Walking In Her Shoes: Why Every Woman Needs A Strong, Female Mentor

by Katie Gonzalez

Hannah Horvath has some problems.

Luckily, she also has her "Girls" -- her BFFs. But while girlfriends can be great for talking to, they can also often give some terrible advice.

You know the type: the friend who allows you to justify buying the bag you don’t need, or the one who doesn’t speak up when she hates your new haircut. They’re either just as confused as we are, or they’re dishonest to spare us any hurt, and we love them for that.

Sometimes, though, this behavior doesn’t translate to the best career or life advice.

Despite the fact that Lena Dunham’s show is called “Girls,” there’s an awful lot of men in it, who are in positions of power or authority over our leading lady’s life (boyfriend Adam, therapist Dr. Rice, eccentric e-book editor David, etc.).

While these characters are all certainly important presences in Hannah’s ongoing issues, she’d really benefit from a strong, well-seasoned female figure.

Hannah Horvath needs a woman mentor.

So many successful women have already realized the importance of that “Females Only” bond: Claire Danes has Meryl; Huma has Hillary. And, as Forbes would have you know, it’s okay to have more than one mentor, and to maybe even categorize them.

Regardless of how many women you emulate and seek advice from, having these female mentors is especially important to us young adults as we navigate the unique challenges of becoming successful, thriving women in both our professional and personal lives.

Female mentors offer an important perspective that we simply can’t get from male colleagues or superiors.

Female mentors have the lives we want for ourselves; they’re the women whose careers we’re in awe of, whose lifestyles and values similarly mirror our own.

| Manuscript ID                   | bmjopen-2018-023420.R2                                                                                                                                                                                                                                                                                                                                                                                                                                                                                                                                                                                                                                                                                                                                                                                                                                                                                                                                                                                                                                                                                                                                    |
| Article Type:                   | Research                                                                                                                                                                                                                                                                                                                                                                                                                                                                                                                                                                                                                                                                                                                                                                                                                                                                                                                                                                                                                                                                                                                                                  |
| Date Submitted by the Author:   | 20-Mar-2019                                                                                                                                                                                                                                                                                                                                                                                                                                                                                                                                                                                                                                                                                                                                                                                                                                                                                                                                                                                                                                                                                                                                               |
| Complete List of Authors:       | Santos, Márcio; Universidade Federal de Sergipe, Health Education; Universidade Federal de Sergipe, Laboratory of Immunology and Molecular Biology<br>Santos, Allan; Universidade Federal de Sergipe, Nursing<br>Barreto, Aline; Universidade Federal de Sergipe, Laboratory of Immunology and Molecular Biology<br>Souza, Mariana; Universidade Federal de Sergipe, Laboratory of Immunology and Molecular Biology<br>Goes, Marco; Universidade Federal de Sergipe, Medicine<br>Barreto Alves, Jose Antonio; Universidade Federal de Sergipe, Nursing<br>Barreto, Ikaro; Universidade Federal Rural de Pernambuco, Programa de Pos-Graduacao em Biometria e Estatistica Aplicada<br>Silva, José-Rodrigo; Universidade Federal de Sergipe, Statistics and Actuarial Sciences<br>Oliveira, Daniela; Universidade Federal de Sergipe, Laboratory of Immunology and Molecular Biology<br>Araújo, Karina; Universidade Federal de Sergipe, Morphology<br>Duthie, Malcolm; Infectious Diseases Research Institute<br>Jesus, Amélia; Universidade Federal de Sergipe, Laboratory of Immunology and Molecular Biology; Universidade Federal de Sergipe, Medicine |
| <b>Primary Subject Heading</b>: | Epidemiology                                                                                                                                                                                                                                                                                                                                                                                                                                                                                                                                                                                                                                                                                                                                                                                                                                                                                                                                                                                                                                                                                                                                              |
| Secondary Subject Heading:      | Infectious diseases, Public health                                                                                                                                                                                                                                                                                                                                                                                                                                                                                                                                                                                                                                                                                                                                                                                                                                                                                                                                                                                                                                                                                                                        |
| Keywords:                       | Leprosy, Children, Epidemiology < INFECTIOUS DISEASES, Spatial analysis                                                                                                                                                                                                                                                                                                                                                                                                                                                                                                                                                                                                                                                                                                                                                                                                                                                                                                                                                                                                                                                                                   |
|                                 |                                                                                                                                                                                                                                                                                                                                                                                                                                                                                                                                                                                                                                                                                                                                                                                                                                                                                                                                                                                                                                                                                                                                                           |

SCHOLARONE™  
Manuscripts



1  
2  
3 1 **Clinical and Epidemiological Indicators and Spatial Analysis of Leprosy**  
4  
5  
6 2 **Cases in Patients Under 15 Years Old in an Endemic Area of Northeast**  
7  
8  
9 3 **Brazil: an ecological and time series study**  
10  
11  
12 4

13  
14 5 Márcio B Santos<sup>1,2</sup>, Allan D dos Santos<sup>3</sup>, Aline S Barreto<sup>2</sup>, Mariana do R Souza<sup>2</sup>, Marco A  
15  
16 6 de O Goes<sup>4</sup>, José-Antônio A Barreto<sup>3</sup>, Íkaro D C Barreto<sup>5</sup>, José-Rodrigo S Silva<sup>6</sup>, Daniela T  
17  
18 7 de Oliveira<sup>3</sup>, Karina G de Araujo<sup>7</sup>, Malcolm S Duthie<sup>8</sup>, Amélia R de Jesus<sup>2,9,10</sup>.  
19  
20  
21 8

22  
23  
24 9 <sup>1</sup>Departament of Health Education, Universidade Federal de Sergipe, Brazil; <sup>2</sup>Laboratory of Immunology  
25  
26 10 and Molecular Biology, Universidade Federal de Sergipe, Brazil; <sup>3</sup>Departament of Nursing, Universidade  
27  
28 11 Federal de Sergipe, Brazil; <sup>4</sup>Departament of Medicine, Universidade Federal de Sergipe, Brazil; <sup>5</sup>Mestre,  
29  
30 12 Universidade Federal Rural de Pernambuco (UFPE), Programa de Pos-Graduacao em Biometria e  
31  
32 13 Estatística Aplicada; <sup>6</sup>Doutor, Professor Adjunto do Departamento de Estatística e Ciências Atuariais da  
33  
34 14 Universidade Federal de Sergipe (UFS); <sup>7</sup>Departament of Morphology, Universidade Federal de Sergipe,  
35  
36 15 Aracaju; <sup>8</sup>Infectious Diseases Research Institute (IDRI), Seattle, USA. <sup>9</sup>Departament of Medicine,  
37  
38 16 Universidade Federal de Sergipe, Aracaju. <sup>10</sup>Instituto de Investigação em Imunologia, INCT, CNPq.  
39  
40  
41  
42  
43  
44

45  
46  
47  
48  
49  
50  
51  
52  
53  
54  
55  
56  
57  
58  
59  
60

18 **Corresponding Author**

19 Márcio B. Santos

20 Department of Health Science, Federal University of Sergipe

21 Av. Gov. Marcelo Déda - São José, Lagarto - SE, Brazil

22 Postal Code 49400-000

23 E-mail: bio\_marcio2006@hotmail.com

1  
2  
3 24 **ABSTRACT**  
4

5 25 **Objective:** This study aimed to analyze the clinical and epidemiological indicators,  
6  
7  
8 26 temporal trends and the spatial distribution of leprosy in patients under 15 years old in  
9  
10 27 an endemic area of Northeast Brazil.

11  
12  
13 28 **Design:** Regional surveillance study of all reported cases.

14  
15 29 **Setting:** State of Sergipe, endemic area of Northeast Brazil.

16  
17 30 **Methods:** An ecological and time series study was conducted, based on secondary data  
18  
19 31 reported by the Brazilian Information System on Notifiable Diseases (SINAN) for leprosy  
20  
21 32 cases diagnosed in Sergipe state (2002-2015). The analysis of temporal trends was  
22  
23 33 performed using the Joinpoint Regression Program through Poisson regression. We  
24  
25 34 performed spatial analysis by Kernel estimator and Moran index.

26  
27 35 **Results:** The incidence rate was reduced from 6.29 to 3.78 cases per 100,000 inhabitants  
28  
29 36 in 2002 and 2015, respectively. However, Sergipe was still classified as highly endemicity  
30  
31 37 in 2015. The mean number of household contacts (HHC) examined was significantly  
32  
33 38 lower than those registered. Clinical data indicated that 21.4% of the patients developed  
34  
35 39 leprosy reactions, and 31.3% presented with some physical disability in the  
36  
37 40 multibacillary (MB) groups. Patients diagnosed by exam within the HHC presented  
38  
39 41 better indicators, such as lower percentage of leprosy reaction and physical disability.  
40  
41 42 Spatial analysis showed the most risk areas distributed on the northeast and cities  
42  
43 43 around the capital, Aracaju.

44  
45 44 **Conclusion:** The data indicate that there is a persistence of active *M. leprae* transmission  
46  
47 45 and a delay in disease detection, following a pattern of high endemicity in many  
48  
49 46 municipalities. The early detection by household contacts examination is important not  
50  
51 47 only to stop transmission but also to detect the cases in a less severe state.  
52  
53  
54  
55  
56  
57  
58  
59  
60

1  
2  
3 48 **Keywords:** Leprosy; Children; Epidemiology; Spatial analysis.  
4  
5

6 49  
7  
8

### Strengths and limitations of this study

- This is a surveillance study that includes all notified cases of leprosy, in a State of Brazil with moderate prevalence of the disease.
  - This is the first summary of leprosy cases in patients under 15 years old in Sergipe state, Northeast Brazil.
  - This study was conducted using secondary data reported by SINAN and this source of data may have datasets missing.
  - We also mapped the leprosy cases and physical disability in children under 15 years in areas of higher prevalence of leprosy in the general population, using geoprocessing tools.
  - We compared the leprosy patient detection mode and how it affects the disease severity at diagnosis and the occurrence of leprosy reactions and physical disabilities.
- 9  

Quite simply, it’s good to have seen someone do it first, and there’s no shame in connecting with this individual and trying to mold yourself in her image -- while still allowing your romper-wearing self to shine through, HH.

These relationships are also empowering. According to University of Texas, Austin Professor Lucia Gilbert, female mentoring can help reverse the socialization trends that teach women to please and defer to men in various (and often professional) settings.

Digital Creative Director at Vogue Sally Singer, who lists Anna Wintour (ever heard of her?) as one of her most influential female mentors, breaks down how good female role models operate:

The trick to being a good mentor is not just answering someone’s immediate question, and not reassuring people that it’s fine; it’s about thinking about who is the person before you and what do they need that they might not even know they needed? To be a good mentor you have to really understand the person who’s looking to you as an extension of who they want to be, and how can you help them.

I think there’s plenty of hope for Hannah to get some positively influential women in her life. I mean, you obviously also saw the Season 3 trailer featuring the world’s best boss, Jenna Lyons.

Hannah could certainly learn a thing or two about success and self-worth from these already-established women, and further her career in the process.

If, in the end, it doesn’t work out? It’s cool. Move on. After all, “It’s really liberating to say no to sh*t you hate.”